Not only does caffeine keep you awake, but caffeine is also a central nervous system stimulant and affects your body in many other ways.
According to the U.S. Food and Drug Administration (FDA), a Healthlinepost says about 80% of adults in the United States use some form of caffeine every day.
Caffeine itself does not have much nutritional value. It has no taste, so it is sometimes not noticed in foods or beverages. Even some medications can contain caffeine without you even knowing it.
Caffeine is found in many foods and drinks.
This ingredient almost always causes some symptoms. When used in moderation, you may feel more active, but over time, too much caffeine can become addictive. According to the Mayo Clinic, consuming less than 400 mg of caffeine per day (about four cups of coffee) is safe for most healthy adults.
So read product labels and beverage information to adjust how much caffeine you consume. When you consume the same amount of caffeine daily, your body develops a response and tolerance to them. Other factors such as age, body mass, and overall health also affect the body’s tolerance to caffeine. If you want to cut back on caffeine, it’s best to do so gradually.
Here are the effects of caffeine on our bodies.
Central nervous system
Caffeine acts as a central nervous system stimulant. When it reaches your brain, the most noticeable effect is wakefulness. You’ll be more productive and less tired, so it’s a common ingredient in medicines to treat or control drowsiness, headaches, and migraines. Studies also show that regular coffee drinkers have a lower risk of Alzheimer’s disease, dementia, and a 45% lower risk of suicide.
These benefits are limited to high-octane coffee drinkers, not decaffeinated coffee beans.) Some people consider coffee to be a healthful drink, but like most foods, overuse of it can cause side effects. For example, too much caffeine can cause headaches.
This is mainly related to the body’s tolerance to caffeine. The blood vessels in your brain become accustomed to the effects of caffeine, so if you suddenly stop taking it, it can cause a headache.
Other symptoms of caffeine withdrawal include Anxiety, irritability, drowsiness. In some people, stopping caffeine suddenly can cause tremors. Although very rare, symptoms of caffeine overdose include Confusion, hallucinations, vomiting.
Overdose can also lead to death due to convulsions. According to the Mayo Clinic, overdose can occur when consuming large amounts of caffeine, when using certain energy drinks or drugs with caffeine. About 400 mg of caffeine is considered safe, the equivalent of about four cups of coffee, although the amount of caffeine in beverages often fluctuates greatly.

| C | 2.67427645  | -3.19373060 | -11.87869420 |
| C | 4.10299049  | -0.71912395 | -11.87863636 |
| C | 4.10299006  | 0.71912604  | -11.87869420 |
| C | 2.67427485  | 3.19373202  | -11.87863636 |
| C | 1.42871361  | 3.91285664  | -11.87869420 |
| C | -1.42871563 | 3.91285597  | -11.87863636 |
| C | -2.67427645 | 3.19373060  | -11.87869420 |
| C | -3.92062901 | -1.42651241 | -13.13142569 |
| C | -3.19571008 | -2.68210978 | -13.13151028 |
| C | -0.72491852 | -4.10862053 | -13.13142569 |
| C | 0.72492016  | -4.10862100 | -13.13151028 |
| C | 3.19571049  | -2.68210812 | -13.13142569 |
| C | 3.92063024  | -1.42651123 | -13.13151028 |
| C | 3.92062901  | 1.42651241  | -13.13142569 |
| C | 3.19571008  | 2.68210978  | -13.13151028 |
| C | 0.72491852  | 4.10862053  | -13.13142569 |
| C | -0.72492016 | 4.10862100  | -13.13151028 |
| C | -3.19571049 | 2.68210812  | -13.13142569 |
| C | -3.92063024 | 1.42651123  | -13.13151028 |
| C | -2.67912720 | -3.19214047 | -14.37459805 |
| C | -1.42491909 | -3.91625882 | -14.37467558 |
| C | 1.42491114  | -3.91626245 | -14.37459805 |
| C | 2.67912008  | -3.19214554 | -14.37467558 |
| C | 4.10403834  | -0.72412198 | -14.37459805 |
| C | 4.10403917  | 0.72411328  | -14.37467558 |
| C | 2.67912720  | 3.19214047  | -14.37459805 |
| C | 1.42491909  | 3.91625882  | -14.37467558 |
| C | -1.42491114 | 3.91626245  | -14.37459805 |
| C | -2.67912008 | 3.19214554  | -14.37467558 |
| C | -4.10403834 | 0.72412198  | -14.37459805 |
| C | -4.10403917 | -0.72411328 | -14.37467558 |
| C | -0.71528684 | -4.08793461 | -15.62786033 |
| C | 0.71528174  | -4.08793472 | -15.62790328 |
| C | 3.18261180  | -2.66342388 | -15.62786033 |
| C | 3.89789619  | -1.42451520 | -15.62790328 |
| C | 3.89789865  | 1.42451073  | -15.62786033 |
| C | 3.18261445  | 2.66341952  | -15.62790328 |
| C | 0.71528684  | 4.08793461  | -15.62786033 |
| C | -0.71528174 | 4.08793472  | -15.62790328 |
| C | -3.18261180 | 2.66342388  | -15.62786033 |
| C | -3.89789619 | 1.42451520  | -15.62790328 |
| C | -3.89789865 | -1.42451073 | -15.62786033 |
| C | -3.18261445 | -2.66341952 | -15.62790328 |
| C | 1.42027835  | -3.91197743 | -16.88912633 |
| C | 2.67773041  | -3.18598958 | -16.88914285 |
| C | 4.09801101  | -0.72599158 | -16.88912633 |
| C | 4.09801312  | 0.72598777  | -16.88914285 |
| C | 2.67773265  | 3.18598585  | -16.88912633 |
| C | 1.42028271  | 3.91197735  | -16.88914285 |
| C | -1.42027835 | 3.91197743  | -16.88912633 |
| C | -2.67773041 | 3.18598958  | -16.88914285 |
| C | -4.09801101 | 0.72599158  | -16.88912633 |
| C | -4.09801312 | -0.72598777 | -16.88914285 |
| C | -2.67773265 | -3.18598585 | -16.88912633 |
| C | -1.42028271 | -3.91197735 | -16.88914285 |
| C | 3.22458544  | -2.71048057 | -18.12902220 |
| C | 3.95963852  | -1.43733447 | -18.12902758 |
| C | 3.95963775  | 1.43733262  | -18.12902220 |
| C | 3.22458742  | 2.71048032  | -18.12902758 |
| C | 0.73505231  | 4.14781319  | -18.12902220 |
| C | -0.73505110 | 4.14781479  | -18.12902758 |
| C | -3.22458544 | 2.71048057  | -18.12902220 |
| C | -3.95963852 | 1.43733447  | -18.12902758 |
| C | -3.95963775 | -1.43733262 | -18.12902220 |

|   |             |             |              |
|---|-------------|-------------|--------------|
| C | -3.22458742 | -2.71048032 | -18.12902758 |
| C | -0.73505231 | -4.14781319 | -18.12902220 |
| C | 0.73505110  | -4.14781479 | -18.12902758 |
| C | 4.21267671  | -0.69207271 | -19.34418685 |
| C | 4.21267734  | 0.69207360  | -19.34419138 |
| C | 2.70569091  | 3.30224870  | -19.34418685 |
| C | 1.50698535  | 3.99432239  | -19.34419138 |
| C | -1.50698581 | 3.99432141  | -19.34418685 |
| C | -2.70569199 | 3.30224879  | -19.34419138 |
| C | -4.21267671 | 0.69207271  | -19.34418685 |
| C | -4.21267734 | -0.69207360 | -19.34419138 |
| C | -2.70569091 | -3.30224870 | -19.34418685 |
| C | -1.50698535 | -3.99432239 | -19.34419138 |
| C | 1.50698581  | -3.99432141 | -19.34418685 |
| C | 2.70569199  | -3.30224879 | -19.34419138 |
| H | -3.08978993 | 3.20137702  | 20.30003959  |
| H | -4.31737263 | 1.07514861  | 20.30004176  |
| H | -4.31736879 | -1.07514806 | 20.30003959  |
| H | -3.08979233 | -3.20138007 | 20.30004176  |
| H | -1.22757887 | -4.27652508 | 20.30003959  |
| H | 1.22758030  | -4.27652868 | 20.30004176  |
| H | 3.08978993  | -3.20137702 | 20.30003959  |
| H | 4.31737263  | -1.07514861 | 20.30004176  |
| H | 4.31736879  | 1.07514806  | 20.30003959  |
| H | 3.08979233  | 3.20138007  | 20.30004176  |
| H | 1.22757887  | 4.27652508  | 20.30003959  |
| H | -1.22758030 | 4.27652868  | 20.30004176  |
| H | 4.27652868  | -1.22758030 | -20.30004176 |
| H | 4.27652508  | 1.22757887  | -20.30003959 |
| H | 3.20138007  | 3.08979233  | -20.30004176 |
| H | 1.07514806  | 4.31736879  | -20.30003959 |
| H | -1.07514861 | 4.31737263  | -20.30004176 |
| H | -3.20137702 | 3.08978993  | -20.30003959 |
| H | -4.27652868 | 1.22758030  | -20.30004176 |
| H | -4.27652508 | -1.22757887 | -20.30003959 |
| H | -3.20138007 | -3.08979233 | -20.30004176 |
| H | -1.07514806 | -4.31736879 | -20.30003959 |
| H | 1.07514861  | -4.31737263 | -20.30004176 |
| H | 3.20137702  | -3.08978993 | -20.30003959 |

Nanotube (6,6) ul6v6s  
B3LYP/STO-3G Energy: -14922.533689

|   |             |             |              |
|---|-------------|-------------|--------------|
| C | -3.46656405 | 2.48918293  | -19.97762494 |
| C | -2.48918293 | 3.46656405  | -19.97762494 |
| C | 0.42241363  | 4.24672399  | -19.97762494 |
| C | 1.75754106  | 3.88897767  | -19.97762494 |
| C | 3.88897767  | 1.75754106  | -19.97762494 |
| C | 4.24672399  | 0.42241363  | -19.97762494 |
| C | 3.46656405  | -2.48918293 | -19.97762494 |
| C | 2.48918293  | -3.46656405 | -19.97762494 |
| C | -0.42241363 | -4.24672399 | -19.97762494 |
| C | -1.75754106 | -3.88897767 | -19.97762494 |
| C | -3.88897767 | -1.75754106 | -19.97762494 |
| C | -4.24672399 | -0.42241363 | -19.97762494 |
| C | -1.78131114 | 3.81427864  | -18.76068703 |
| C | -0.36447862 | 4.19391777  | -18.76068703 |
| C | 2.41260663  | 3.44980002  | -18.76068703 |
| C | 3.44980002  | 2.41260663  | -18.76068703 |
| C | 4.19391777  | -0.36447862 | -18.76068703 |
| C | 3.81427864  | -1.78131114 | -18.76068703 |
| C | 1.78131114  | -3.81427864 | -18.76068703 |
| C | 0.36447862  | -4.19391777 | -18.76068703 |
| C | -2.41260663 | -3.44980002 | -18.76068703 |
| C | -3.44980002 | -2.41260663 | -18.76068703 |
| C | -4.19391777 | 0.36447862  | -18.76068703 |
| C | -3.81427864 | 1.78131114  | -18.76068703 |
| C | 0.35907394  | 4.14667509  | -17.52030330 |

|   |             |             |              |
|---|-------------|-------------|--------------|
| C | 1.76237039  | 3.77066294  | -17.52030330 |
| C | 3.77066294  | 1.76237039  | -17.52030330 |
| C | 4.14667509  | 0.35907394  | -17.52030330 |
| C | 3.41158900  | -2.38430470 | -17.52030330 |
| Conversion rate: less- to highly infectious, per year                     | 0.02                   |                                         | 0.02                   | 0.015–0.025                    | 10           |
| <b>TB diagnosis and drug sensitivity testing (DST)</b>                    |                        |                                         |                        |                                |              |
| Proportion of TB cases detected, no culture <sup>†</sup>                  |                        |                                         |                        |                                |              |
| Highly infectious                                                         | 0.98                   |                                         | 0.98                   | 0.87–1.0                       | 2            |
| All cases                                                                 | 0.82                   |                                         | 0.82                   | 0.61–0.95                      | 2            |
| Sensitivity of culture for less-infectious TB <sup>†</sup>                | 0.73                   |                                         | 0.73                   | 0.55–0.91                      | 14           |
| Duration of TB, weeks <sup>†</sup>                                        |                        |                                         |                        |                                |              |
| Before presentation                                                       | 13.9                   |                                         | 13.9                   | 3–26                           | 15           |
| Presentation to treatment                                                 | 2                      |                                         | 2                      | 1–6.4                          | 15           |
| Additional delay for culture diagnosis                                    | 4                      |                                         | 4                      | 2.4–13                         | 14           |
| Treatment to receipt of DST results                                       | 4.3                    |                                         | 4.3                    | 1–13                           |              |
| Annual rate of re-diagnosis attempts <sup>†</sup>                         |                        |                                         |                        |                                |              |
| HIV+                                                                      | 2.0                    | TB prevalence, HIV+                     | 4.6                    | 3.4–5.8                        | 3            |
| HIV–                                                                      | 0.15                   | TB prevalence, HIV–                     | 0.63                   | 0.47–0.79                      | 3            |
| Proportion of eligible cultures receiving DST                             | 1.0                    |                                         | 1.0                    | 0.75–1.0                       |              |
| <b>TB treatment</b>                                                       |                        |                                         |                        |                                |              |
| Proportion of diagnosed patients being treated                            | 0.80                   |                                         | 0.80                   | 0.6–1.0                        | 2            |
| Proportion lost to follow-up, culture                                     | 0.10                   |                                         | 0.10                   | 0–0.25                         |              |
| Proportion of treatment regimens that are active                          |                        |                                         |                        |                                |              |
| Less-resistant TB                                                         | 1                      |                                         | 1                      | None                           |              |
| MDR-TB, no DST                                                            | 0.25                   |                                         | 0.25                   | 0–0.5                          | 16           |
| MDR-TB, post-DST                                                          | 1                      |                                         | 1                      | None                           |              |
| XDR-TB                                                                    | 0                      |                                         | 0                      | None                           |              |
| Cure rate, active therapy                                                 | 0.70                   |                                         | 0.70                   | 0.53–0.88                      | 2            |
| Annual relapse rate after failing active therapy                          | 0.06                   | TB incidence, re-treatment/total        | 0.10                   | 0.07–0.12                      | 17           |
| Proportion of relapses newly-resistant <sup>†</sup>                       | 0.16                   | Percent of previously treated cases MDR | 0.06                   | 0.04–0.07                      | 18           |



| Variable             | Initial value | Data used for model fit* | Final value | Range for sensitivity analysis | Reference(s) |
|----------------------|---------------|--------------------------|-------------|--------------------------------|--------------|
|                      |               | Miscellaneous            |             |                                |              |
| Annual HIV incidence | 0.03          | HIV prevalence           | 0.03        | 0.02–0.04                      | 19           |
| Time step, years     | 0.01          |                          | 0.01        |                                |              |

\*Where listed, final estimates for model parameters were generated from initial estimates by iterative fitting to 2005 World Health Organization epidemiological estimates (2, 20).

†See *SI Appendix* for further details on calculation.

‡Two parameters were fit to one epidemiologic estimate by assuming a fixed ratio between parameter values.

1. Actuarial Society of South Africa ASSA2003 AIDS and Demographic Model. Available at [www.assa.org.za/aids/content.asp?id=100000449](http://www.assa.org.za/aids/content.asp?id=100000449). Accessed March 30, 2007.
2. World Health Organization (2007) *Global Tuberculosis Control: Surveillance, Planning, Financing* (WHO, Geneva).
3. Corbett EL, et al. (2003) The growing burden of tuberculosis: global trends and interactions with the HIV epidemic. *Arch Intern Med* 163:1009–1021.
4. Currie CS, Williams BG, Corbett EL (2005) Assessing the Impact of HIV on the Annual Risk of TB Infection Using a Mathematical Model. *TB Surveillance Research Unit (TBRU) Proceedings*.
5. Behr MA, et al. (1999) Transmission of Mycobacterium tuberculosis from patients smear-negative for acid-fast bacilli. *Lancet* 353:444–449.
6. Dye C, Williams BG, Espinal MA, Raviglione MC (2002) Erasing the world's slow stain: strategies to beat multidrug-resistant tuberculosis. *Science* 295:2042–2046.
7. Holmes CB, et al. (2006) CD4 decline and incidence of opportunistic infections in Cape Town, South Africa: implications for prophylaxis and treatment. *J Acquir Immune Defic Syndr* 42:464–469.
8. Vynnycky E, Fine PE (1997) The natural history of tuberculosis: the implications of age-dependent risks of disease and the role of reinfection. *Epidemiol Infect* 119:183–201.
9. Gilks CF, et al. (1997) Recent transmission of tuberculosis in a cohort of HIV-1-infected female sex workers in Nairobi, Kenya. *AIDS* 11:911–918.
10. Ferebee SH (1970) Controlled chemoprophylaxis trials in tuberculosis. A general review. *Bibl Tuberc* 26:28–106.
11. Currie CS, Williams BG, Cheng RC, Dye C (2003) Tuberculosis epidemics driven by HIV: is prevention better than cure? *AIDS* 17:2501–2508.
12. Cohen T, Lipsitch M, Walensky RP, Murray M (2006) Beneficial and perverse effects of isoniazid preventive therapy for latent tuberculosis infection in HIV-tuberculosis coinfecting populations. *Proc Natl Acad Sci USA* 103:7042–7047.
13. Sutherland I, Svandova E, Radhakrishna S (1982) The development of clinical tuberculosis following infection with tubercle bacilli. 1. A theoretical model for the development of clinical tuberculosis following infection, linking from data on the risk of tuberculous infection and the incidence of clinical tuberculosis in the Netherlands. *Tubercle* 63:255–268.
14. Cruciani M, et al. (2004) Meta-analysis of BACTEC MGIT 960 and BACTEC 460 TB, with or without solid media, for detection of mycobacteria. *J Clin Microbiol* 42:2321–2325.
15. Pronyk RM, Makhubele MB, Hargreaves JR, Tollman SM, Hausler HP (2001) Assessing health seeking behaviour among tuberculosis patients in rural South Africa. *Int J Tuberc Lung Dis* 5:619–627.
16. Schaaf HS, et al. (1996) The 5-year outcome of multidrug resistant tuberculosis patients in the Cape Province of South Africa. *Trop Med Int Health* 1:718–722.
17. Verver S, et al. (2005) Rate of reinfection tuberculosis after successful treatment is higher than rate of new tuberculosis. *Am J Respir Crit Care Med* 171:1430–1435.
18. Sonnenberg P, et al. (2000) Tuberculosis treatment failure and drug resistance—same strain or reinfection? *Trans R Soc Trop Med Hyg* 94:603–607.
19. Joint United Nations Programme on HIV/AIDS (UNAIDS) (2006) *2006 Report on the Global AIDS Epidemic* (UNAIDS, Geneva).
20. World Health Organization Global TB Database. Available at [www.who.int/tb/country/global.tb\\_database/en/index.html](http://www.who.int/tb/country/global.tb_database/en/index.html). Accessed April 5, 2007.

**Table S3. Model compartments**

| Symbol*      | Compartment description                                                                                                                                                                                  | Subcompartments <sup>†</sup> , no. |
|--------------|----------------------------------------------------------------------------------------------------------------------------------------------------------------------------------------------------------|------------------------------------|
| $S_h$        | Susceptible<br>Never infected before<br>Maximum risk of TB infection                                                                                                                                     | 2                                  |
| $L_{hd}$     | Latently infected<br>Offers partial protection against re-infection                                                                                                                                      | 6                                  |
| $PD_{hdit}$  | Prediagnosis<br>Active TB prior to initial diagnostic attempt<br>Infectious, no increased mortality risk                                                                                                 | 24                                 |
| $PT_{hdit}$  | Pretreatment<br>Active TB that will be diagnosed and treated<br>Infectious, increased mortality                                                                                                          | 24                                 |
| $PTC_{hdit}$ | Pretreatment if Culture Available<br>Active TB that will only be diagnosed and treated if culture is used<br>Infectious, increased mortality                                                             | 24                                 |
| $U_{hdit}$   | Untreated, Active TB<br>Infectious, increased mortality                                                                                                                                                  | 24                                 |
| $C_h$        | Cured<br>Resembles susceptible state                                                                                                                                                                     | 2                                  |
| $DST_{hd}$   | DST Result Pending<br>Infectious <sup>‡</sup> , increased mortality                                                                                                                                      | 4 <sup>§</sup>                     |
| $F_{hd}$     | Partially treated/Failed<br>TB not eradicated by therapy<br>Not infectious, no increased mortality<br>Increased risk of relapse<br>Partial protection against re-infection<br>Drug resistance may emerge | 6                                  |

Digestive and excretory system
Caffeine increases the amount of acid in the stomach and can cause heartburn or upset stomach. It is not stored in your body, but processed in the liver and excreted in the urine. This is why you pee more when you drink coffee. If you have stomach problems, like acid reflux or ulcers, ask your doctor about using caffeine.
Circulatory and respiratory system
Caffeine is absorbed from your stomach, reaching peak levels in the blood after 1 or 2 hours. Caffeine can cause your blood pressure to rise for a short time. This effect is thought to be due to an increase in adrenaline, which helps to reduce peripheral circulatory resistance thereby causing an increase in blood pressure.
For most people, caffeine has no long-term effects on blood pressure, but if you have a heart rhythm disorder, caffeine can make the news worse. If you have high blood pressure or related heart problems, talk to your doctor about caffeine use.
Abuse of caffeine can cause rapid heart rate, arrhythmia, or breathing problems. In rare cases, an overdose of caffeine can lead to death from seizures or cardiac arrhythmias
Bone and muscle system
Taking caffeine in large amounts can interfere with calcium absorption and metabolism. This can contribute to osteoporosis. If you consume too much, caffeine can cause your muscles to twitch. If you stop using caffeine suddenly, you will most likely experience muscle soreness.
Caffeine travels in the bloodstream and enters the placenta. Since it is a stimulant, it can make your baby’s heart rate and metabolism increase. Excessive use of caffeine can also affect the development of the fetus and increase the risk of miscarriage.
According to the Mayo Clinic, you should limit your caffeine intake to 200 to 300 milligrams per day if you’re trying to get pregnant.
But on the other hand,
Caffeine helps to process information better
Research by psychologists at Tufts University in the US shows that caffeine can help enhance information processing skills, making coffee users better at reading tasks and correcting mistakes.
Scientists gave 36 people who normally drink coffee every day an experiment to read a news page and identify spelling and grammatical errors in 5 minutes. The scientists found that when the caffeine dose was increased for this group of people, their ability to read and recognize errors was much better.
For people with a low daily coffee dose, the level of caffeine that enhances information processing was 200 mg; while for those who usually drink a lot of coffee, the required level is 400 mg of caffeine. The same team of experts is also studying more of caffeine’s other effects, including looking at its effects on memory.
The study has just been published in the Journal of Experimental Psychology.